63. The Wapshot Chronicle by John Cheever

Year Published: 1957
Pages: 277
First Sentence: St Botolphs was an old place, an old river town.
Rating: 1/3 (don't bother)

The Wapshot Chronicle by John Cheever

I finished reading The Wapshot Chronicle* last week, and then promptly forgot about doing anything else with it, including making a new item on my to do list about writing a review.  Once this is written I’ll probably never think about it again.

I didn’t like The Wapshot Chronicle at all.  Set in various locations, but perhaps primarily New England, it tells just a portion of the story of a few living generations of the Wapshot family.  There is Leander, his two sons Moses and Coverly, and a cousin Honora, who is, I think, from the generation before Leander.  I was paying attention but I didn’t care much.

I found this book completely inert and uninteresting.  A bunch of things happened, and I didn’t care about them, and I felt no connection to them whatsoever.  There wasn’t any energy or life to the characters, except in a few isolated moments.  Was the book supposed to be a bit funny?  Maybe, but I didn’t see it.

There’s also a truly baffling chapter in which Coverly encounters homosexuality.  I feel as though he was being set up as being gay early on, and then he meets a gay man who likes him, and then…?  When I say baffling, I mean it.  Coverly is married to a woman that he seems to truly care for and feel attraction to, and then he renounces his heterosexuality for a minute or something, and then that’s never mentioned again?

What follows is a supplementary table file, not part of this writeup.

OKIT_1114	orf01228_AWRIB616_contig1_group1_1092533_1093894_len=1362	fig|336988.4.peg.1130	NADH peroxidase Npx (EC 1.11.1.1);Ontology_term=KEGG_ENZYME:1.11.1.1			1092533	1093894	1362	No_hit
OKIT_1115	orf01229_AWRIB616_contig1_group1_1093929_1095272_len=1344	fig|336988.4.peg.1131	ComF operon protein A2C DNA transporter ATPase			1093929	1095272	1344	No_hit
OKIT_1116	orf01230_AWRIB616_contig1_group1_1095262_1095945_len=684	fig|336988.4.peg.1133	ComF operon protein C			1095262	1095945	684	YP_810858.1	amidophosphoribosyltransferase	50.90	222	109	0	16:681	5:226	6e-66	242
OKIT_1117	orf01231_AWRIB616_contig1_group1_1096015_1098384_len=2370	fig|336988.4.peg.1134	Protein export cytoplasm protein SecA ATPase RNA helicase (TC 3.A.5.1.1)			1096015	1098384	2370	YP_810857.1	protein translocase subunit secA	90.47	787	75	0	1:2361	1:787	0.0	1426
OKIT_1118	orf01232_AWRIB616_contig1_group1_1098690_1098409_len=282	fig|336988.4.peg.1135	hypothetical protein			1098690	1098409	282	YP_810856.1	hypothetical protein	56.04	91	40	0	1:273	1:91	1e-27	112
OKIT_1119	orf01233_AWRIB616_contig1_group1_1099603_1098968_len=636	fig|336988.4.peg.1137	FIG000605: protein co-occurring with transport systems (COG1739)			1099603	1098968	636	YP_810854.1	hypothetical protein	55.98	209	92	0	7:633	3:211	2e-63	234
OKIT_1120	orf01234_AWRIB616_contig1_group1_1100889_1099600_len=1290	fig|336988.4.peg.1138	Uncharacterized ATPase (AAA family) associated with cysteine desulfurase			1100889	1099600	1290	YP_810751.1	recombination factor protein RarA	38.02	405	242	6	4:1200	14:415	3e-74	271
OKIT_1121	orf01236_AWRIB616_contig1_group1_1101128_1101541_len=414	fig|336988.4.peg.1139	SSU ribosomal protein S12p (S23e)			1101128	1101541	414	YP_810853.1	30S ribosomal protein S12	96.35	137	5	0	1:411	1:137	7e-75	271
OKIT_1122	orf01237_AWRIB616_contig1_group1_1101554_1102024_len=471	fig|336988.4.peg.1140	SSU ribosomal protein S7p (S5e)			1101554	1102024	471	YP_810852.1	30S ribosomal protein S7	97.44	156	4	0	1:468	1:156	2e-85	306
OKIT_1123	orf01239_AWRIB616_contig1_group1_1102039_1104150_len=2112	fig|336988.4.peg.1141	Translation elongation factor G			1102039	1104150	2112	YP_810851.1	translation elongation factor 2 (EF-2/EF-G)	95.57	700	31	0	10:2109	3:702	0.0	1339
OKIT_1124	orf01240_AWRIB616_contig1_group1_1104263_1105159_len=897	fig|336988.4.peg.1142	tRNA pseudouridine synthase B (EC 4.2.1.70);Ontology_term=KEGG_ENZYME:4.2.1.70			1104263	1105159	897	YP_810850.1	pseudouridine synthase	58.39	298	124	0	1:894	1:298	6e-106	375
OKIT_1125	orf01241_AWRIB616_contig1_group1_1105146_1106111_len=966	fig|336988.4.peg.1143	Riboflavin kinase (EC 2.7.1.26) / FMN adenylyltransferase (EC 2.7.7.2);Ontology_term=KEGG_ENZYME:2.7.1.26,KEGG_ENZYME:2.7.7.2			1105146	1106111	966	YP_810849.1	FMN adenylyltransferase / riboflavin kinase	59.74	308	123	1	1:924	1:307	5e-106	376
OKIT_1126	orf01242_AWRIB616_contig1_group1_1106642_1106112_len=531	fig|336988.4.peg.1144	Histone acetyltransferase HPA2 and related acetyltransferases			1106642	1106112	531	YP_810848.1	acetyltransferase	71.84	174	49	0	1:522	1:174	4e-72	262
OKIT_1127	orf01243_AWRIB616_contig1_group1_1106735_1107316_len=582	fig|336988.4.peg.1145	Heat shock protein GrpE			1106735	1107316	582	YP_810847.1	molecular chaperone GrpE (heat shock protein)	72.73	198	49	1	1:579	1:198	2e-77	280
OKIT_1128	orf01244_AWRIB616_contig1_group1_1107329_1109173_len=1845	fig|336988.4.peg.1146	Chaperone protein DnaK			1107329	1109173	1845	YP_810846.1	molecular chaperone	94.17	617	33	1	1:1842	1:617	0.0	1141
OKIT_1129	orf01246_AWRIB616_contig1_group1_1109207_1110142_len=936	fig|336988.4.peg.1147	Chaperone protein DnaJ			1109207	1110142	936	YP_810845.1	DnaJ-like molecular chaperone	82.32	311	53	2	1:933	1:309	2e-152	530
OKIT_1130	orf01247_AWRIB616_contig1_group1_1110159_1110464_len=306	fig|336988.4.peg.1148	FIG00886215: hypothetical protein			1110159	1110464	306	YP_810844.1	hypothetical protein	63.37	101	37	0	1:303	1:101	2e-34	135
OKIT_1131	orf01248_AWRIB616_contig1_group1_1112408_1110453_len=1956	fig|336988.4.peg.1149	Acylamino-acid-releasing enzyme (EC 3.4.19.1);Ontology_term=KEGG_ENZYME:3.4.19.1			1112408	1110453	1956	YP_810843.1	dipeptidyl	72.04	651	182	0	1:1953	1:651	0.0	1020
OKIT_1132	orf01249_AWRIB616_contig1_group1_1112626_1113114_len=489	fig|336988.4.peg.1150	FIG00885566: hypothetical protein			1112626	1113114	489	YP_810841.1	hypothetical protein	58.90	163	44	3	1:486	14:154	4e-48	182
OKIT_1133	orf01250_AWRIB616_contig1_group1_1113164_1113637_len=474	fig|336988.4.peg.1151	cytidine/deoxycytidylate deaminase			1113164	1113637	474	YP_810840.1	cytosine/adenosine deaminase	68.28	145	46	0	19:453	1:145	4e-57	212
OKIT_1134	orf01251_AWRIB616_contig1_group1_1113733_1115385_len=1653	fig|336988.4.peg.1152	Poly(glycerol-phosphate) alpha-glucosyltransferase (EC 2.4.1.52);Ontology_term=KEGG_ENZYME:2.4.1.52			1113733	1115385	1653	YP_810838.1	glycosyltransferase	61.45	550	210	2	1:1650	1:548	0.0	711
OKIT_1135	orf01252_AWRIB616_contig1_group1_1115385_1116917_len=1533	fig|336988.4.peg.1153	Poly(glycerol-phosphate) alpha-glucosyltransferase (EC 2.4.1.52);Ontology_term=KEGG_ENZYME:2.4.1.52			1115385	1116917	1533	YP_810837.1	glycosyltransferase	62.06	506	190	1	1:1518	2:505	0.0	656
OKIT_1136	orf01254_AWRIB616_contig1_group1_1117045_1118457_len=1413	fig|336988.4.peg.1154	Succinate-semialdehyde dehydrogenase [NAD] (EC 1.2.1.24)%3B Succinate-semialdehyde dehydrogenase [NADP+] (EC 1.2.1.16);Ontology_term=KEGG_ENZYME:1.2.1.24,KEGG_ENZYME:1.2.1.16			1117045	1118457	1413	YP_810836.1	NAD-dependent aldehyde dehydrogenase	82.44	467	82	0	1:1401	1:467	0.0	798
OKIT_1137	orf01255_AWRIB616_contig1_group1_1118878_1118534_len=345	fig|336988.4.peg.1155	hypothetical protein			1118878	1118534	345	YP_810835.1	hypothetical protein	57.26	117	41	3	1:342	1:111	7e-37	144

I don’t know what else to say about this.

* The List calls this The Wapshot Chronicles, and there’s actually a sequel to it called The Wapshot Scandal that makes me wonder if the pair of them weren’t supposed to be considered together for this item.  But, as I said when I started on The Alexandria Quartet, when it comes to series, I reserve the right to quit after any book, so it doesn’t matter whether The List has a typo on it or means two books instead of one.  I’ll be counting this as one for statistical purposes, though.

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   "We're going to England in ten days," Pancras said.
   "I'll miss you," Coverly said.
   "You're coming," Pancras said. "I've arranged the whole thing."
   Coverly turned to his companion and they exchanged a look of such sorrow that he thought he might never recover. It was a look that he had recoiled from here and there—the doctor in Travertine, a bartender in Washington, a priest on a night boat, a clerk in a shop—that exacerbating look of sexual sorrow between men; sorrow and the perverse wish to flee—to piss in the Lowestoft soup tureen, write a vile word on the back of the barn and run away to sea with a dirty, dirty sailor—to flee, not from the laws and customs of the world but from its force and vitality.
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That hairline where lovers cease to nourish and begin to devour one another; that fine point where tenderness corrodes self-esteem and the spirit seems to flake like rust would be put under a microscope and magnified until it was as large and recognizable as a steel girder.
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